she found God...
in an ISO
Three years ago Capt Rachael Phillips wandered into an ISO for a church service in a remote patrol base in Afghanistan. She couldn’t have been more surprised by what happened next...
I didn’t have to shoulder all the responsibility for the things I’d seen, and done or for those I’d failed to do, because despite everything, God loved me.
didn’t believe in God. When I was younger God was like the sheets of wall paper that are sometimes found in old chests of drawers acting as a drawer lining; curious, belonging to an older generation and irrelevant, writes Rachael Phillips. As far as I understood, Christians wore loose fitting, old fashioned, conservative clothes, probably floral for the women and lots of shades of beige for the men. Christians were nice people. They were a constant. They were part of the fabric of my country. But let’s face it; they were a bit odd. I couldn’t help but feel a sense of smugness when I heard Christians talk of their belief in God, because I knew something they didn’t. I knew it was irrational to believe in God. By the very wise old age of 19, I had decided that God wasn’t for me, and though the Bible stories were nice, and the Christians I knew were pleasant enough, it was all just a bit... improbable. Not that my version of theology was particularly mature or well considered. If pushed I could trot out something about how man needs religion because it’s the best way to control people. But I rarely even engaged in theological discussions, because on the whole, my attitude towards religion could be summed up as intense apathy. So you can imagine my surprise, when, on my second operational tour of Afghanistan, I found myself walking towards an ISO container where a service was being held by a visiting padre. I wasn’t a Christian so deciding to attend a service in the make-shift church was certainly out of the ordinary. But it hadn’t been an ordinary day. The things I had seen and had to do weighed heavily on me. As a Pashto-speaking female trained to be a team medic, I had been required to help treat a number of civilian casualties who had turned up at our base looking for help. That evening I stood at the back of the cold metal church feeling somewhat of a hypocrite, a common feeling of those outside of the church who occasionally find themselves physically inside a church.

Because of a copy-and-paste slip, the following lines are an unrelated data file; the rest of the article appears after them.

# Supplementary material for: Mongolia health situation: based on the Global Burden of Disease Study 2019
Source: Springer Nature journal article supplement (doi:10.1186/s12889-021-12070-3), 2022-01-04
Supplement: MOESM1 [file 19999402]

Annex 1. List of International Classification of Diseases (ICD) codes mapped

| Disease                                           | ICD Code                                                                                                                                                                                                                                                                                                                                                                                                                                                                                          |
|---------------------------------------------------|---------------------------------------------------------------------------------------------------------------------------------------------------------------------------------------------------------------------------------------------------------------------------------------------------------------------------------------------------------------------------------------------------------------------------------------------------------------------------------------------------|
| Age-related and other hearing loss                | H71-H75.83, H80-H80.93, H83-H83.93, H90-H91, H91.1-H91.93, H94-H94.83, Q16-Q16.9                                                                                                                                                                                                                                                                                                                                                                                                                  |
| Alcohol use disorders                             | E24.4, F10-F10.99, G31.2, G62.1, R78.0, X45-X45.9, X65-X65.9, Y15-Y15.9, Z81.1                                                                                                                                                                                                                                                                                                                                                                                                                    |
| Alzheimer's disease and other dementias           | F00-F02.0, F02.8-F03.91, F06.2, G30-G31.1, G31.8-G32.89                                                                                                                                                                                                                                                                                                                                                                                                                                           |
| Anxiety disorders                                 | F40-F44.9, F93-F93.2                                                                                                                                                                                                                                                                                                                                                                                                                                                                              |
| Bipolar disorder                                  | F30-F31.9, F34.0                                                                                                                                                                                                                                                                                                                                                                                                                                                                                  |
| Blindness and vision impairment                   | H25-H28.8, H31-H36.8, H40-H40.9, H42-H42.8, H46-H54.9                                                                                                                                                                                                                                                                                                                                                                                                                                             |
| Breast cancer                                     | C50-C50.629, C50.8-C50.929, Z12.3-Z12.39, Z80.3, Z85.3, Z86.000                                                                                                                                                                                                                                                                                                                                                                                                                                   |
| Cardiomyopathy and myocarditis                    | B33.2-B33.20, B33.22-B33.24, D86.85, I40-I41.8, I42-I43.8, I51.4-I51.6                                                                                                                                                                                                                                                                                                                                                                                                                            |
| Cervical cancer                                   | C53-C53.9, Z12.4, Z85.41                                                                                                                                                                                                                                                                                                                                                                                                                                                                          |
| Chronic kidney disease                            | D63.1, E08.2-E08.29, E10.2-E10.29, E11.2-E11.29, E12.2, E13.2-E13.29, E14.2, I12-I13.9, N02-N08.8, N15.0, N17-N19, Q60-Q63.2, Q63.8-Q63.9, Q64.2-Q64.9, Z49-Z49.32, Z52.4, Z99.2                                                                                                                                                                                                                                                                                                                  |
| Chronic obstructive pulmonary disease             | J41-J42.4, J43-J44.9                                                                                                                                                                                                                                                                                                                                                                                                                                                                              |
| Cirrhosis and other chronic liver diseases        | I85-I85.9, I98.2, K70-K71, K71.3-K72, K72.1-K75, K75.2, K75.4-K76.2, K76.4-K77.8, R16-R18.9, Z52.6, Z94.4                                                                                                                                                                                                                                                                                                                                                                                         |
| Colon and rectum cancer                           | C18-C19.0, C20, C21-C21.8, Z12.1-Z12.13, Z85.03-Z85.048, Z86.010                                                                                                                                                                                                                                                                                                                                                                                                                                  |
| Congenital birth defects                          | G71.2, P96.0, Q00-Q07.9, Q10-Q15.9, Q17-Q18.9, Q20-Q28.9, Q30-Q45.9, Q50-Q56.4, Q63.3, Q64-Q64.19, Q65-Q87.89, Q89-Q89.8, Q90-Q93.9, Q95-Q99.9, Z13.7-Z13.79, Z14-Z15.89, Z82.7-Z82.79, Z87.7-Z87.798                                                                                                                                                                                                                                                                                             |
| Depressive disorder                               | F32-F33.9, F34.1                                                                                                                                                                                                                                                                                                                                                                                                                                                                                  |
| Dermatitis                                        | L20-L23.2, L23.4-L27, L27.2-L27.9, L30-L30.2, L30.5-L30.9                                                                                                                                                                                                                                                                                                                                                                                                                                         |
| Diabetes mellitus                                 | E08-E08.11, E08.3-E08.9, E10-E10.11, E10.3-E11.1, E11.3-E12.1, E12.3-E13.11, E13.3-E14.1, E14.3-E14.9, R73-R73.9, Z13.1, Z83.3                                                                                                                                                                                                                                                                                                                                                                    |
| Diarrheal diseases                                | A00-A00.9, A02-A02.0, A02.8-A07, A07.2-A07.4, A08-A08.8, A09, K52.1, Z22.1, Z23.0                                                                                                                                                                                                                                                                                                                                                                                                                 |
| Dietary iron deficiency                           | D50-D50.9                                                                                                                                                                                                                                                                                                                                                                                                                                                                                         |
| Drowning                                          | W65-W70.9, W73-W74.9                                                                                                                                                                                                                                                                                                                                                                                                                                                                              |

What happened in the next twenty minutes changed the course of my life. Padre Richardson told me about a God who loved me deeply and without condition. A forgiving, understanding God who loved me even more than my own parents did, and even despite my failings. I didn’t have to shoulder all the responsibility for the things I’d seen, and done or for those I’d failed to do, because despite everything, God loved me. He spoke about compassion and forgiveness. I was upset and confused and nervously happy all at once. Tears streamed down my face and were wiped away in embarrassment. I looked at my feet for the rest of the service. When it was over I loitered around to talk to the padre. He looked at me and saw the emotion etched into my face, and we sat and talked. Or rather we sat in silence. The kind of silence that’s strangely appropriate when in the company of a padre, who doesn’t expect anything of you. You can just be. I just was, and then eventually after a little sob, I told him I thought I might believe in God. Whilst in Afghanistan I did the Christianity Explored course and on my return home I worked towards my confirmation. At my confirmation service, only 3 weeks after making my wedding vows, I consciously gave my life to Christ. But it didn’t end there. No, God had something else in store for this very unlikely Christian. Later in the service the bishop was talking about his own calling to become an ordained minister and it seemed as though he was speaking directly to me. With a sick feeling I realised my calling. I realised that the reason God had packed so much into my first 29 years was because he was preparing me for a very challenging role. All my life I’ve been drawn to people in need, from my work in Malawi as a teenager, to my work in Sri Lanka following the Boxing Day tsunami, to the particular types of roles I’ve undertaken in the Army, all community development and people-centric jobs (MSSG and DCSU). I’d been given some skills, I had a strong support network around me and now God was calling me by name and telling me to serve as an ordained
A magazine about Christians serving in the UK Armed Forces and their lives of faith.